They were friends until Edward began to make new friends. In jealousy, Phoebus stole a rare antique book from the school library and secreted it in Edward's trunk. Then he made the allegation that he had seen Edward steal the book. Edward denied it but when the book was found in his trunk, he was expelled and lost his chance of continuing his elite education. He knew it was Phoebus and he never forgave him. He worked on his revenge in an obsession that took over his life.

Phoebus got the expensive and elite education. He became so close to Lord Tansor that Lord Tansor planned to adopt him and name him as his heir. He became successful writing poetry. Edward educated himself, travelled and couldn't seem to decide what he wanted to do. Two very opposite men and, yet, we find out they are also very much alike. In secret they turn out to be evil.

Then Edward finds out that he was adopted by his mother from her girlhood friend, Laura Fairmile Tansor. He is really the son of Lord and Lady Tansor and Lady Tansor had been the friend who visited and left him the 200 gold sovereigns and paid for him to go to Eton. Lady Laura Tansor had died and Lord Tansor had remarried but this Lady did not give him any children. So he was about to adopt Phoebus as his heir.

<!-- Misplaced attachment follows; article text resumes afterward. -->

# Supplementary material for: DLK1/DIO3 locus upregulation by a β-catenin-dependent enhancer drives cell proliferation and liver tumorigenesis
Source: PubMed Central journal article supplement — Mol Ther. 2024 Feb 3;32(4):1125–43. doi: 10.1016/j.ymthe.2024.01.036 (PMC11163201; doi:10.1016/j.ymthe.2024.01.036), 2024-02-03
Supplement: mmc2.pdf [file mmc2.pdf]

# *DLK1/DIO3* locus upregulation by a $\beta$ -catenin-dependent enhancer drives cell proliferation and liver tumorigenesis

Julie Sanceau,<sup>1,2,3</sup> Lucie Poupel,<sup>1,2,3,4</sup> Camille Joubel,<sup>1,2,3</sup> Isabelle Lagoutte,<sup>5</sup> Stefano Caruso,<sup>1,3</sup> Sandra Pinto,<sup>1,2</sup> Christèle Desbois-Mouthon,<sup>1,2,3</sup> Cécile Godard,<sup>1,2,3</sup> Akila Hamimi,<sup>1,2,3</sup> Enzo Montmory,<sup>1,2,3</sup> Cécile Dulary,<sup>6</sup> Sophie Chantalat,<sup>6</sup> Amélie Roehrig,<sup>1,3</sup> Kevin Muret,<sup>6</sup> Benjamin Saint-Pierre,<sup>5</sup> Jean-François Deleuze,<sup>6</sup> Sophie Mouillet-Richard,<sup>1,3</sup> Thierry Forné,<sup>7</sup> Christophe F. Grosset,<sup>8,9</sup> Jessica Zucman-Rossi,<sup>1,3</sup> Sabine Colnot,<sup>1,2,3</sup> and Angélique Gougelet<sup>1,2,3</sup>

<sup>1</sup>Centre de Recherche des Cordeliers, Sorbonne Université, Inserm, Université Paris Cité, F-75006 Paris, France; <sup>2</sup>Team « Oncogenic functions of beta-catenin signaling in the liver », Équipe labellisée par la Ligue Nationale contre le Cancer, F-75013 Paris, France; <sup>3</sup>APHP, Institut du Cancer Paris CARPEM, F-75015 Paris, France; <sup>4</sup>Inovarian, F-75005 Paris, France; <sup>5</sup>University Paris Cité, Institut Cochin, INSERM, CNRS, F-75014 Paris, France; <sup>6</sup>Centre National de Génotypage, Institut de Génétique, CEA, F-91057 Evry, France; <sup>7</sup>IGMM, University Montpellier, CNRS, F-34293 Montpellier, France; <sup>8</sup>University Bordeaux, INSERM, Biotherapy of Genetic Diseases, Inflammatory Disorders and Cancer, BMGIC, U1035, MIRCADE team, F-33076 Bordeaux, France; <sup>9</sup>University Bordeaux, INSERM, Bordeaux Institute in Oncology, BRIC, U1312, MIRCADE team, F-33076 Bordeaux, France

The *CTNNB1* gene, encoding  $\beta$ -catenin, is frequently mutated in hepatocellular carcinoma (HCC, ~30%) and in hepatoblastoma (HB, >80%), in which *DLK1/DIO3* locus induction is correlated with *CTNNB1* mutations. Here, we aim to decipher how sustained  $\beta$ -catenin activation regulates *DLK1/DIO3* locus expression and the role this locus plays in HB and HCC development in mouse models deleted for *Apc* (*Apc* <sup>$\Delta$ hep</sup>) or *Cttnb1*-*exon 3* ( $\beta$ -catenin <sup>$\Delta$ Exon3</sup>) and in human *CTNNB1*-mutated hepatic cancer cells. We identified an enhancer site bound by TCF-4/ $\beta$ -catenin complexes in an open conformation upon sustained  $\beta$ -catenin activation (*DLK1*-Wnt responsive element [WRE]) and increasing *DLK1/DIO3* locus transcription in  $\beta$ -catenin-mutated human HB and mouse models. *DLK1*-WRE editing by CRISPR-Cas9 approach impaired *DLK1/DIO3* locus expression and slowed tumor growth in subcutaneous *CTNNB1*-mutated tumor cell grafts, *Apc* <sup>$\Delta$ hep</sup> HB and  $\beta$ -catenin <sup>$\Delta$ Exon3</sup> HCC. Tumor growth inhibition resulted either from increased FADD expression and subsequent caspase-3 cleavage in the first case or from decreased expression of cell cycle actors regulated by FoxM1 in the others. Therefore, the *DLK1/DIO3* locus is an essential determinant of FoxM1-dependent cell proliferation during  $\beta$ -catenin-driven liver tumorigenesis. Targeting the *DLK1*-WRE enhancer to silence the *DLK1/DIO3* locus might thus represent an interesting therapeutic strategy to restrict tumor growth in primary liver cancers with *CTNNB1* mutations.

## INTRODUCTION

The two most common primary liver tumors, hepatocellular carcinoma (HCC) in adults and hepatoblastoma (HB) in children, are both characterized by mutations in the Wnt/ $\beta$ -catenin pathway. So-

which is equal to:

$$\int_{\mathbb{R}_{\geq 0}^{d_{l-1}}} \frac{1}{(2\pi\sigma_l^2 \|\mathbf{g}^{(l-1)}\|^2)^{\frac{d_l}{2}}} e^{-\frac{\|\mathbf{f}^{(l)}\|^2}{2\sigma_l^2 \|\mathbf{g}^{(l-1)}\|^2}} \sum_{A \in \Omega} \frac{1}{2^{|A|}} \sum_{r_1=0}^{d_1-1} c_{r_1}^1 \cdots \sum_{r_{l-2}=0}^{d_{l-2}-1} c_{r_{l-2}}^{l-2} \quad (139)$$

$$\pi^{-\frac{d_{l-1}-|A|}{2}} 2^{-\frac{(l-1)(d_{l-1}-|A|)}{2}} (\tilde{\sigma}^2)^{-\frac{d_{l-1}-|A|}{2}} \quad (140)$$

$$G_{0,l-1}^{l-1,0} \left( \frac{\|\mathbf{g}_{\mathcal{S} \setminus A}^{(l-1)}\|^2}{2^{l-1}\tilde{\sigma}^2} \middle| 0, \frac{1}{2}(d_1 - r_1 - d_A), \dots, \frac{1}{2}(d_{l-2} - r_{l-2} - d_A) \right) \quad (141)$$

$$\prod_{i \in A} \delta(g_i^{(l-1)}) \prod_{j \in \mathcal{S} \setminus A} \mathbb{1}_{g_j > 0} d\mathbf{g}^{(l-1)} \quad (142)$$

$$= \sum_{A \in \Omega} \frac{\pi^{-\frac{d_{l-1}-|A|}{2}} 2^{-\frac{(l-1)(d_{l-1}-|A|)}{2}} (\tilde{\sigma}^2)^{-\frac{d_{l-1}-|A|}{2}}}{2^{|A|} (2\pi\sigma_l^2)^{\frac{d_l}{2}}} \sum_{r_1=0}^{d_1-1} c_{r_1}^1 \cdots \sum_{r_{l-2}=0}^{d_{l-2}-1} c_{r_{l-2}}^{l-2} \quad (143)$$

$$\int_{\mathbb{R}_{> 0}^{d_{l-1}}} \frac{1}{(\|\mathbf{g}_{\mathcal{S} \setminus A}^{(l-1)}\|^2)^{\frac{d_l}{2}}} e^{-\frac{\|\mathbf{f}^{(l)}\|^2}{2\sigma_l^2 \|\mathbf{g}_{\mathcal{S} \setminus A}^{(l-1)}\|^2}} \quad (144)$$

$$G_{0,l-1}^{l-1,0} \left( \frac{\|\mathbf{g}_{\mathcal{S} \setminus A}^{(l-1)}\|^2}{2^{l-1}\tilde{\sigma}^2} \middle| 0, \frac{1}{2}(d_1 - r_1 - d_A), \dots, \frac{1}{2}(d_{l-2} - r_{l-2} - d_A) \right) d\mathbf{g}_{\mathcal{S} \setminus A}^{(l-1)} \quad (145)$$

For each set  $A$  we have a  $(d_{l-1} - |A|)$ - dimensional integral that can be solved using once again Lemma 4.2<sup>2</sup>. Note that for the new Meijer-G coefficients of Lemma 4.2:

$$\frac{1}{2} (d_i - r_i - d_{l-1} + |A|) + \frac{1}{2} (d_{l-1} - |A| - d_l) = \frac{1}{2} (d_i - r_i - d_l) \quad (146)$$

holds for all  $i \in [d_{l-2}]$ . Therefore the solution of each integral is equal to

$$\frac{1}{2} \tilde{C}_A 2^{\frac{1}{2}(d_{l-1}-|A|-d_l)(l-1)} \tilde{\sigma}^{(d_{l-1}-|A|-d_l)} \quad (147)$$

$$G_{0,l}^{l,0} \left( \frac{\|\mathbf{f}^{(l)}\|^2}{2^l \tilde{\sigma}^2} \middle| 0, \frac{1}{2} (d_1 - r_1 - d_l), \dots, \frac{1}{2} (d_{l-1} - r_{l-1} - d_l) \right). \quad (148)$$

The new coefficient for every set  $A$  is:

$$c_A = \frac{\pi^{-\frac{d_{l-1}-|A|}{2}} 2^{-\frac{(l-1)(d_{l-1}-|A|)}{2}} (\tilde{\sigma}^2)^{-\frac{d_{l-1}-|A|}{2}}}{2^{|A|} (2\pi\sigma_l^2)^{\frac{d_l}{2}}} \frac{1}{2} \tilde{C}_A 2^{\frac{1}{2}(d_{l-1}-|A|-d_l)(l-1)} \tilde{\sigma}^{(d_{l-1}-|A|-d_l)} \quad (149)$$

Who should rightfully inherit a great estate and a sizable fortune? How can Edward find evidence to prove his paternity? Can he stop Phoebus?

Murder, plots, strategies, revenge, obsession lead you through this book. None of the major characters are as they seem. Edward can be gallant, falls in love, is loyal to one of his old school friends and reveres his adopted mother. But he also murders an innocent man (in the first chapter) and lets another one hang for it, consorts with prostitutes, goes on opium and drinking binges, and plots diabolical revenge. He's almost a Dr. Jekyll and Mr. Hyde.

Now, did I like it? It has great reviews and is compared to Charles Dickens' works. Yes and No. It was an involving story but was a little slow and didn't keep me reading. I would put it down and not pick it up for days and then did so with a little dread and only because of my obsession to finish the books I read. The story was a twister and had some good plot points but it just didn't keep me interested until the end. Charles Dickens always has characters that you remember and who stereotype certain virtues or vices like Uriah Heep's "'humble man" or Dora's childish innocence. But, as the Washington Post review stated, this novel was "one without a clear ethical center". You didn't like Edward, the main character, or Phoebus, Lord Tansor, Lady Laura Tansor, Mr. Tredgold, Elizabeth Carteret. The only likeable ones were the minor characters. So who do you root for? I realize that today's novels want to be more complex with their characters but this was too much so.

There were also some contrived and convenient breakthroughs that weren't believable. As an authority on 19th century literature and knowing this is not Cox's first book, those should have been ironed out better.